Monday, 8 February 2016

The tragedy of Calvary. Part 20.

The tragedy of Calvary: or the minute details of Christ's life from Palm Sunday morning till the resurrection and ascension taken prophecy, history, revelations and ancient writings
by Meagher, Jas. L. (James Luke), 1848-1920

John William Waterhouse: Mariamne Leaving the Judgement Seat of Herod - 1887
Cleopatra owned most of Jericho with vast possessions around it, and she derived great revenues from the region, which was much cultivated then, and not as now, barren and deserted under the rule of the Turks. Mariamne, Herod's wife, and her mother, Alexandra, with Cleopatra, knowing the truth about the death of the high priest, thirsted for revenge. Cleopatra wanting to get possession of all Judea, used the two Jewish queens to attain her end, and induced Antony, who was then at Laodicea, to summon Herod before him for punishment for the high priest's murder. When leaving, Herod gave orders that should he not return, Alexandra was to be killed as a punishment for taking part with Cleopatra against him, and that also Mariamne was to be put to death lest she fall into the hands of Antony, who was in love with her. This was all told to the two women in his absence, and when he returned, his wife Mariamne greeted him with an outburst of hatred and frenzy for his numerous crimes. Herod at once threw into prison his sister Salome's husband, who had told the secret. He was soon killed, and Mariamne, whom Herod loved, was spared—but it was only for a time.

But other troubles now claimed his attention. He heard that Cleopatra wished to get the dominion of all Judea, have Syria attached to her Egyptian kingdom, that Antony under one excuse or another was to dethrone all the rulers in the Orient, that Cleopatra had gotten him to put Lysanias, ruler of the Lebanon mountains, to death, on the ground that he was in league with the Parthians against the Romans, and Herod felt that her influence with Antony would dethrone him. Cleopatra had succeeded in getting dominion over a part of the Nabatean kingdom, forming the whole Judean sea-coast, 1 Tyre and Sidon excepted, and at last Herod had to give up the rich warm oasis of Jericho, with its fertile lands, vast plantations of balsam, palms, and all the lower Jordan valley.

The summons of Antony, asking Herod to come and meet him at Laodicea, the taking away of the sea-coast, and the loss of Jericho made Herod think that his influence with Antony was weakened. He saw that Cleopatra was undermining him; that the members of the Machabean family were turning against him; that the schools of the Rabbis which had flourished since he had taken away their political power were using their influence against him; that Hillei and Shammai, leaders of powerful schools, opposed him; that things were coming to a crisis in the Roman empire; that Antony was spending his time with Cleopatra; that the Caesar had laid his head in the lap of the crafty Egyptian queen, who proposed, through the infatuated emperor, to bring the whole of the vast Roman empire under her sway, by which she would be come the empress of half the known world.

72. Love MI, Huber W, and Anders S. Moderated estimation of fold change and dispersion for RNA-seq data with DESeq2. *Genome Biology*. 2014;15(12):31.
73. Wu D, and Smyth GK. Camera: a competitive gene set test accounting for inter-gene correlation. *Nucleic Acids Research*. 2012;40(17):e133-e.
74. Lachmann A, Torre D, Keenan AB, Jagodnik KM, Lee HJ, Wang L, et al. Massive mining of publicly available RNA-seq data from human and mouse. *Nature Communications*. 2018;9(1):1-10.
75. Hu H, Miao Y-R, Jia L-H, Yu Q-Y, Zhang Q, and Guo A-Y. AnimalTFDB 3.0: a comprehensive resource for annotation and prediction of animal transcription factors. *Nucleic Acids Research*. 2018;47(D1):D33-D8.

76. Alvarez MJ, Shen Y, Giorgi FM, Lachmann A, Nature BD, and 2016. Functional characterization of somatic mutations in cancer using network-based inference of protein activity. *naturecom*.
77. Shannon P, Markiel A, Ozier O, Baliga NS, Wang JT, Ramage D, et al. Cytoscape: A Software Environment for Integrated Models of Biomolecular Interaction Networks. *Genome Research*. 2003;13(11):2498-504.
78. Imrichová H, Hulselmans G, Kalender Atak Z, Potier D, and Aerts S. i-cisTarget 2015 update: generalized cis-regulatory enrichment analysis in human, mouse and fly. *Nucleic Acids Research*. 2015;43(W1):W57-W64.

History relates not such a conquest of a ruler as that of Cleopatra over Antony. The latter gave mortal offense at Rome by celebrating the triumphs of Roman arms, not at Rome, as had been the custom since the city began its march of conquest, but he held them at Alexandria. He gave Cleopatra the title of " Queen of kings." He called their two sons, Ptolemy and Alexander, " Kings of kings." He gave Syria, Phenicia and Cilicia to the former, and Armenia, Media and Parthia to the latter. He gave Cyrenaika to their daughter, the younger Cleopatra. He made his mistress Cleopatra Queen of Egypt, Cyprus, Libya and northern Syria, with her son Caesarion sharing the throne with her. He brought it about that he and she would receive divine honors, he as Osiris, she as Isis, like the Pharaohs of former dynasties. He had great statues erected of him and of her as god and goddess. He was so completely under the influence of this crafty debased woman, that he neglected the affairs of the empire, and spent his whole time in feasting and debauchery with her on the banks of the Nile.

The people of Rome became alarmed. The nobles, the patricians, said it was an outrage. Poets sent verses around Rome making Jupiter bark like the dog-headed Egyptian Anubis, holding that the Roman galleys could be outsailed by the boats of the Nile, that Egypt was ruling Rome, etc. Caesar laid the facts before the Roman Senate. Antony made charges against Caesar. Civil war broke out at last, and it was decided at the sea-fight of Actium. For Cleopatra had induced him to risk all on the water that she might fly to Egypt in case of defeat, although Antony had 100,000 men and 12,000 cavalry on land, who could not take part in the battle. Antony was defeated. In the midst of the battle Cleopatra deserted him and fled away, followed by her fleet, leaving him to his fate. Still infatuated with her, later he followed her to Egypt.

Josephus, Jewish Wars, I,, 20. 3.; Antiq. xv, 41.